To follow up on what we talked about at the war:
I think what's happening is a combination of a short, tight barrel and a small-radius plunger tube, combined with full length darts, means that when the dart is half-way out of the barrel, the pressure inside the hollow stem of the dart is quite high relative to atmospheric pressure. Cylinders that are experiencing stress due to positive pressure on it's inner surface will tend to split in the longitudinal direction. This is because axial stress is about twice as high as radial stress. The splitting you see is in the direction you would expect if the pressure inside the dart got high enough to rupture the foam. You normally only see this kind of splitting on air valve blasters with large volume pressure chambers, such as Big Blasts or Jobars. With those blasters, the pressure in the barrel remains quite high even when you're using a very long barrel - they're releasing so much high pressure air that even a very long barrel doesn't drop the pressure very much.
The solutions to this problem are:
- Lower the peak pressure of your blaster. You can do that by using a weaker spring, or pumping up your air blaster less. This approach sucks because you lose range.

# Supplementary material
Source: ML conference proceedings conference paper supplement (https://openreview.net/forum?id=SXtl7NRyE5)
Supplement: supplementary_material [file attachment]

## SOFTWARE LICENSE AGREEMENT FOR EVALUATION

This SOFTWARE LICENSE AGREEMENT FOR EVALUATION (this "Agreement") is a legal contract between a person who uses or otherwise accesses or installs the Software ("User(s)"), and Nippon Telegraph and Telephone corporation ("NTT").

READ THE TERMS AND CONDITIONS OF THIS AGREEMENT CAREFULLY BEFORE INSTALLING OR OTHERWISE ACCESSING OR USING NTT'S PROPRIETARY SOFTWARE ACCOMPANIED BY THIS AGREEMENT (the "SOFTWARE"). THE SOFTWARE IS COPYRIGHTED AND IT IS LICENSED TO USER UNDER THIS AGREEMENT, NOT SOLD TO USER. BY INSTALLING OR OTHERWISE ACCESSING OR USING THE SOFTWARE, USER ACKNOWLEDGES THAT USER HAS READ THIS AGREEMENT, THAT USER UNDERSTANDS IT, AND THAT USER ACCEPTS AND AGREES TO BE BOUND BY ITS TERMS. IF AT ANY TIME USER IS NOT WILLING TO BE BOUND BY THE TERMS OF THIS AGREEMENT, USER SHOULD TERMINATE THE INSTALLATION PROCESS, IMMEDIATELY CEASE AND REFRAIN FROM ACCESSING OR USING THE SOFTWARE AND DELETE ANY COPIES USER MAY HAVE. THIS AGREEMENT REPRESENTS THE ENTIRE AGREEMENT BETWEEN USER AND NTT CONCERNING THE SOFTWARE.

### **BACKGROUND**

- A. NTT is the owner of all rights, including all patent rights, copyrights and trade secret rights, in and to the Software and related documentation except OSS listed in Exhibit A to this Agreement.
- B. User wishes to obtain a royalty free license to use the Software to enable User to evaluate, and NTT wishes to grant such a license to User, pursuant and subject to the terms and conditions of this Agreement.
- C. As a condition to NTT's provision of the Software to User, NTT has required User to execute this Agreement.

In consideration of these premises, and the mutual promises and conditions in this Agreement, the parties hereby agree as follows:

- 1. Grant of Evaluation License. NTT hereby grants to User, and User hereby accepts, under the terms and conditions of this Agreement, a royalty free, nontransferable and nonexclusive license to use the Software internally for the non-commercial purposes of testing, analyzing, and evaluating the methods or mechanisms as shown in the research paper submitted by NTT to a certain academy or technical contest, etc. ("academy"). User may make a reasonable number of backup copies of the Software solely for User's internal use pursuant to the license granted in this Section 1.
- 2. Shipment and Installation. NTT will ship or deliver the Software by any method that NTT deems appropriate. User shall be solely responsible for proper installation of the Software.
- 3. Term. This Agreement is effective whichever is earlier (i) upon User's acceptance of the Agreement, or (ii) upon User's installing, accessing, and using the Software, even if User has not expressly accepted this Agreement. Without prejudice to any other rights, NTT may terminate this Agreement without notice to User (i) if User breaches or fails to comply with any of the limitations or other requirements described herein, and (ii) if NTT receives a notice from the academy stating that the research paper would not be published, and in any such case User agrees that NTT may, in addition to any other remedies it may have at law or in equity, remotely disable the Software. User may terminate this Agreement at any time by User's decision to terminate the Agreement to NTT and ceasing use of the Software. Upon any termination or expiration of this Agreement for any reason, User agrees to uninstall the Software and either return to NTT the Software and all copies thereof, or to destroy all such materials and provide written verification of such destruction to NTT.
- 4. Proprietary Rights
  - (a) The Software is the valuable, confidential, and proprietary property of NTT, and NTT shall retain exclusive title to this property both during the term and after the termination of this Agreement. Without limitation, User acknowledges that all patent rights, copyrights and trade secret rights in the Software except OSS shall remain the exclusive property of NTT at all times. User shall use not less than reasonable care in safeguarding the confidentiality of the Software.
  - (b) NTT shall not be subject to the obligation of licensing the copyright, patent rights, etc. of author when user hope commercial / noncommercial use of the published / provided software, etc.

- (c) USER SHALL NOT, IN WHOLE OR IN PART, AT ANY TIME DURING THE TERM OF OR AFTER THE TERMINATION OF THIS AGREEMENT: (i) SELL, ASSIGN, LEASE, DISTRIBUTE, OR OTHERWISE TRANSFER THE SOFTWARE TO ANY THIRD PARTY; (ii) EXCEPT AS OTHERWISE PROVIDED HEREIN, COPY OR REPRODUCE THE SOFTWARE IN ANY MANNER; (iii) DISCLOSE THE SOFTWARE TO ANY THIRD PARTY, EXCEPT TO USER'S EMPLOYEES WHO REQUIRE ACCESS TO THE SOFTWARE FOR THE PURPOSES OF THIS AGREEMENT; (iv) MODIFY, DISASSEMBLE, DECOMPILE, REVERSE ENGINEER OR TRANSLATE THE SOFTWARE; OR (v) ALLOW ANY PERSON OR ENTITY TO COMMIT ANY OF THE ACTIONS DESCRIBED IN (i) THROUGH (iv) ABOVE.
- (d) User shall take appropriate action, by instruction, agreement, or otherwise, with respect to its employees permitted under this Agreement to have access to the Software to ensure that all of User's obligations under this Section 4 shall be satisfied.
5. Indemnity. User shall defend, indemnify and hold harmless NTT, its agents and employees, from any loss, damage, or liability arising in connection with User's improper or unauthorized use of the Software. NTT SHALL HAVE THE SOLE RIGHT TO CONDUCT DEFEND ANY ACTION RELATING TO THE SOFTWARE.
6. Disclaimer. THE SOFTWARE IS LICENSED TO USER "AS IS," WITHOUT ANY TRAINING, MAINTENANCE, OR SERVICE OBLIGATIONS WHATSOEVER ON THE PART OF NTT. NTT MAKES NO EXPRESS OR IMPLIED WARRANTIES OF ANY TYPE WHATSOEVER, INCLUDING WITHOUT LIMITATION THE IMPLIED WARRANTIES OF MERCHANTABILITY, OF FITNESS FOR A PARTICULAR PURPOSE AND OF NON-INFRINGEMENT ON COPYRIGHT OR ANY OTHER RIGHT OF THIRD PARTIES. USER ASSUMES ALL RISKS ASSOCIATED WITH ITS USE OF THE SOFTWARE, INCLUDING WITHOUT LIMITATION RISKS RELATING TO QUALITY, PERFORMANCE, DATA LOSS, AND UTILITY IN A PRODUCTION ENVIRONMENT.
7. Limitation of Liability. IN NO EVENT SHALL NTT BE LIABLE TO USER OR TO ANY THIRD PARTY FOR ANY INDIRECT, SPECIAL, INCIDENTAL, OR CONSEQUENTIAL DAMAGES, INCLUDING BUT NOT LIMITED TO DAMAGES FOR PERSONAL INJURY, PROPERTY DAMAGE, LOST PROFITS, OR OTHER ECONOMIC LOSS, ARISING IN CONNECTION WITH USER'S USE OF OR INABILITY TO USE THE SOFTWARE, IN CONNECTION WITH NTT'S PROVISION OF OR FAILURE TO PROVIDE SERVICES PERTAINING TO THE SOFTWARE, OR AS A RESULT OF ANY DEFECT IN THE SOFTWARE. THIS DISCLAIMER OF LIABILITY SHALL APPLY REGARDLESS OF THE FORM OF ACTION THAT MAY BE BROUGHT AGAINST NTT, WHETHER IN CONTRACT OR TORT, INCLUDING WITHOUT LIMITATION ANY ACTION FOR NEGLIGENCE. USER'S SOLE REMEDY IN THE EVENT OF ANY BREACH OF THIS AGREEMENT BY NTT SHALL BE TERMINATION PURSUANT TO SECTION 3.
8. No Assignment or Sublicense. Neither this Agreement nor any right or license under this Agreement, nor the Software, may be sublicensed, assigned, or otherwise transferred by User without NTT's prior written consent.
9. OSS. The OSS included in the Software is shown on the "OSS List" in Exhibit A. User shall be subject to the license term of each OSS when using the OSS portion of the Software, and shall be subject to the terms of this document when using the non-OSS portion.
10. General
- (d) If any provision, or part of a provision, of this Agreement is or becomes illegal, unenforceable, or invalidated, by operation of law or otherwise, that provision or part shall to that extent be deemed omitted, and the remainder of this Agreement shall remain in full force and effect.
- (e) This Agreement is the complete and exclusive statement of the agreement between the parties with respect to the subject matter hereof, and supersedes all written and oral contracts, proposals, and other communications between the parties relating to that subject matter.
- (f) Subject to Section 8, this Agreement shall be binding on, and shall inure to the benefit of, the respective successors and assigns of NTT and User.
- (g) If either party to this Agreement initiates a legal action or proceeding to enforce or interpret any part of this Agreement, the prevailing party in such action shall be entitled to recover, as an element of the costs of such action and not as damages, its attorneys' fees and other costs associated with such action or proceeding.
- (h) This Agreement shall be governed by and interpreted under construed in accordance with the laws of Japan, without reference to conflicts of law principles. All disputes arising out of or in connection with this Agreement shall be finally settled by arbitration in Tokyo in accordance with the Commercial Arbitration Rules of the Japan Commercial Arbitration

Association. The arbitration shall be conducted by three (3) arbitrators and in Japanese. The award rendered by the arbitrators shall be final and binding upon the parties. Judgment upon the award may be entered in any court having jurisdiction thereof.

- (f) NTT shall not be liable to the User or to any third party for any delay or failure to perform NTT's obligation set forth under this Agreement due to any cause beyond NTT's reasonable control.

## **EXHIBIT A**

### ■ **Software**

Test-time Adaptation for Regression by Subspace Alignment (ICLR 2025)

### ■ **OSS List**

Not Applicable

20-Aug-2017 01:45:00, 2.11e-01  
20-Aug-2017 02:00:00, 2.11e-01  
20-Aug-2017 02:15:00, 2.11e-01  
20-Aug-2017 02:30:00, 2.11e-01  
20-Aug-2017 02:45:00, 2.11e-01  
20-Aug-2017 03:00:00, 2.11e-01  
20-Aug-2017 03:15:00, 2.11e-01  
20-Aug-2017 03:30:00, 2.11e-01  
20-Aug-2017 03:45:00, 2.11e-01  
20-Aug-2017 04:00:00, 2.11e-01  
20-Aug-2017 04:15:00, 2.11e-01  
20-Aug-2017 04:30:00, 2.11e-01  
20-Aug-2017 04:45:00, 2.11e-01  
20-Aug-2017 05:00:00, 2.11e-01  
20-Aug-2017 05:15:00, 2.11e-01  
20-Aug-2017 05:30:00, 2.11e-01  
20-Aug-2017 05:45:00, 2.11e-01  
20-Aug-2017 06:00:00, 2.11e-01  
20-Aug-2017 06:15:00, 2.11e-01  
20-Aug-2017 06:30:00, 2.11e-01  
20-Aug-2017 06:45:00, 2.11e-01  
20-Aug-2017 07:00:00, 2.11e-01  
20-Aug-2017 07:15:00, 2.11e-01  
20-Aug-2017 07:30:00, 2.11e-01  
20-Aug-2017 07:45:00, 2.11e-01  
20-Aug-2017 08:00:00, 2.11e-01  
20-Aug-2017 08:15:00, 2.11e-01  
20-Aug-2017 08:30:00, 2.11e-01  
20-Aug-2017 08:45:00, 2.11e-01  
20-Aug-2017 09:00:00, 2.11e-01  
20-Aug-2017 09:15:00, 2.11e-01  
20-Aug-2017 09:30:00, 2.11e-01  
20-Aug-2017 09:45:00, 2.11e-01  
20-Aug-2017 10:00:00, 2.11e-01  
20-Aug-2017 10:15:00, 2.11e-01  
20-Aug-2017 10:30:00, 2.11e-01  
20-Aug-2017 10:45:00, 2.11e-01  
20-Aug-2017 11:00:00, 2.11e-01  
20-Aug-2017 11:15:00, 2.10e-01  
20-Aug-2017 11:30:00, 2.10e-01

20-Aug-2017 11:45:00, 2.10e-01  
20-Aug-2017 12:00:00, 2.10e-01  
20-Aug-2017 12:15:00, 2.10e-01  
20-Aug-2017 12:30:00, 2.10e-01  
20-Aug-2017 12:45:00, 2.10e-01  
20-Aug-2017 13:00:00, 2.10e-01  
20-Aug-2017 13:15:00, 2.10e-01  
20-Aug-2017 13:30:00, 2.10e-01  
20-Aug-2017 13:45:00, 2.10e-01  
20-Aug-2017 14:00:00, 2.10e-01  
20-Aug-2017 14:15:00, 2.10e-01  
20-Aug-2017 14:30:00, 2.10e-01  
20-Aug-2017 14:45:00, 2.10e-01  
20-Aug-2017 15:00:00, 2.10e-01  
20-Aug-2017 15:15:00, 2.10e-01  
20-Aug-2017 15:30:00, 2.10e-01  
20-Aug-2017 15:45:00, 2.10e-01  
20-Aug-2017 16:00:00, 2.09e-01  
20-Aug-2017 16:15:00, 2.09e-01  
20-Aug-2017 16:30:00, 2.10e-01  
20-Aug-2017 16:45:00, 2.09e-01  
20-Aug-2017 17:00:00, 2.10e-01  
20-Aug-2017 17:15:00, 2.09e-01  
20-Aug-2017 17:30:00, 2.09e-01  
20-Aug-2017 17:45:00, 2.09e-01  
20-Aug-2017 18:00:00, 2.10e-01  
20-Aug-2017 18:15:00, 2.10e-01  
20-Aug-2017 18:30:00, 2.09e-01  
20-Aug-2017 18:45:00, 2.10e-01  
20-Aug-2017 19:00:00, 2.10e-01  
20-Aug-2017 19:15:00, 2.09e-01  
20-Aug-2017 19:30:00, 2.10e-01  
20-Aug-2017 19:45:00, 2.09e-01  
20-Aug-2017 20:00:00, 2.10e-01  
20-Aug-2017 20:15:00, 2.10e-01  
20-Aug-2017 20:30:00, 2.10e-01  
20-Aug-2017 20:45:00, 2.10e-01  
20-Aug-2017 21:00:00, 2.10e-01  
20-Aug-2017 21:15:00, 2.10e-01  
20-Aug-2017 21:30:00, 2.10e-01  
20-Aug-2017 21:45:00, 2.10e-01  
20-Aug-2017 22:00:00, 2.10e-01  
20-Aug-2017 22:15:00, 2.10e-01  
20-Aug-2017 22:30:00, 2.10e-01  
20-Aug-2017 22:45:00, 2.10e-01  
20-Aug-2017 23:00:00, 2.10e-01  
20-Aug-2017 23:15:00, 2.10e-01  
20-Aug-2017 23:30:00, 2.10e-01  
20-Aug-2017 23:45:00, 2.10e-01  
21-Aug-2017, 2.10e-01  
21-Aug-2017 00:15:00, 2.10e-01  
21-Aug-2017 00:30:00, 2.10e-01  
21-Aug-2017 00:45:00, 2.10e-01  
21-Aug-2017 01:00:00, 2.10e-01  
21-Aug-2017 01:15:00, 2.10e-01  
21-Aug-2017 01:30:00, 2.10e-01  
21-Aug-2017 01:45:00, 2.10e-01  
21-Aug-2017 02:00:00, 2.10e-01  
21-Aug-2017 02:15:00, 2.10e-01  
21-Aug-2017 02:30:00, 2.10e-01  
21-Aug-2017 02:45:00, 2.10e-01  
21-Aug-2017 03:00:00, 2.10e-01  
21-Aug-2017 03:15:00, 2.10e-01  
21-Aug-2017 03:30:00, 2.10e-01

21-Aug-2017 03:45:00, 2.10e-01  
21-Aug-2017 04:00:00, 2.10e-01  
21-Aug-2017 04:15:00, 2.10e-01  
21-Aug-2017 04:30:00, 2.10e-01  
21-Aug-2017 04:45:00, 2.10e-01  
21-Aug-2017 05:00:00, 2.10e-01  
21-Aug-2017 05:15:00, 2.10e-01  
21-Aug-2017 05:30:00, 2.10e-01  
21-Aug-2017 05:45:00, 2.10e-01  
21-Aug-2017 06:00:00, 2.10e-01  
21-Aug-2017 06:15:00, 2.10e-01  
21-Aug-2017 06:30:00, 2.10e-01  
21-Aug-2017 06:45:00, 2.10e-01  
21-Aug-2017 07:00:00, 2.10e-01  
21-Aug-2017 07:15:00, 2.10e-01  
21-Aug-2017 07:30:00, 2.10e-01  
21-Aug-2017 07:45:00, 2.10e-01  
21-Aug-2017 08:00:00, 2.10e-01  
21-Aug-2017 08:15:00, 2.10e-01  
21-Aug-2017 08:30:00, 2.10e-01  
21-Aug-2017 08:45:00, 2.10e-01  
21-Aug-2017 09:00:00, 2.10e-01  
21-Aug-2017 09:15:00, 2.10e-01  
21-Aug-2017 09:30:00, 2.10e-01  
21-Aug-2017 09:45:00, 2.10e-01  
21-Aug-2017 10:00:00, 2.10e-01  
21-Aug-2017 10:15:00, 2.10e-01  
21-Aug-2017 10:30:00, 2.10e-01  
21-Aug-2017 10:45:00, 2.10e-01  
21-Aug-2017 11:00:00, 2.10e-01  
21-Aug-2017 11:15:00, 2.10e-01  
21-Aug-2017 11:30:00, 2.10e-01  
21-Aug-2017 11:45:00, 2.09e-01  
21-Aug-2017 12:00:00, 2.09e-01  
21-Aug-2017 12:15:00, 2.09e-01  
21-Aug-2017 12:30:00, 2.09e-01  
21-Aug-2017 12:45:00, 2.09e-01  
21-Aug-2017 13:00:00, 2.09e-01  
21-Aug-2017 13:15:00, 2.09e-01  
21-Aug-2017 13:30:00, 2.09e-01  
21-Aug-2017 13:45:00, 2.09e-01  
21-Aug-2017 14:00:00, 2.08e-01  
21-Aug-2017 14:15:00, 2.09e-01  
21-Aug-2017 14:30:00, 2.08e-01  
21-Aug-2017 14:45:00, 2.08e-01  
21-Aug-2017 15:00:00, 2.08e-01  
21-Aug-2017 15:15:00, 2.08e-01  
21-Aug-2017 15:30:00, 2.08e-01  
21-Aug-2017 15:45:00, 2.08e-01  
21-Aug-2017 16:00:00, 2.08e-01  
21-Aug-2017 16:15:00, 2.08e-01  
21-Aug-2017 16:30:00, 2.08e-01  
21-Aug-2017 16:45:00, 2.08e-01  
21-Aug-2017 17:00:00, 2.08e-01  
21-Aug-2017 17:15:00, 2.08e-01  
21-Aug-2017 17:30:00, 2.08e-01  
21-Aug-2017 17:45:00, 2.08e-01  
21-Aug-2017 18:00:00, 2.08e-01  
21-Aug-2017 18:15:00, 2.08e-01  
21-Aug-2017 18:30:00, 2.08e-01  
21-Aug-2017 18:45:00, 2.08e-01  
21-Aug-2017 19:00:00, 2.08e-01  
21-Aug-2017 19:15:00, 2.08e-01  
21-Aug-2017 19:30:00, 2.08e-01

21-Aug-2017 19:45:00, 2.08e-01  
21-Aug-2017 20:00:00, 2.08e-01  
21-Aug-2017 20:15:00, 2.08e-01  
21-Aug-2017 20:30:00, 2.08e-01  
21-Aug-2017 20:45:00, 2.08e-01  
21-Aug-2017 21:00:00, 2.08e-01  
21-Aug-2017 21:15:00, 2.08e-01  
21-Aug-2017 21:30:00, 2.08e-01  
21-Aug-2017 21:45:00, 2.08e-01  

- Use a longer barrel, so that the pressure inside the barrel (and dart stem) is lower when it exits the barrel. On a high volume air blaster, this sometimes requires you to use an impractically long barrel. On this pistol, you maybe only need a few more inches (maybe just 2-4 more inches?).
- Use half-length darts, which will clear the barrel sooner and so there won't be as long of a section of the darts with a pressure gradient acting to split them. It's still possible for these to split, though.
- Use solid foam darts. This is the most straight-forward solution, but most darts you can buy have hollow cores, so this is usually a no-go.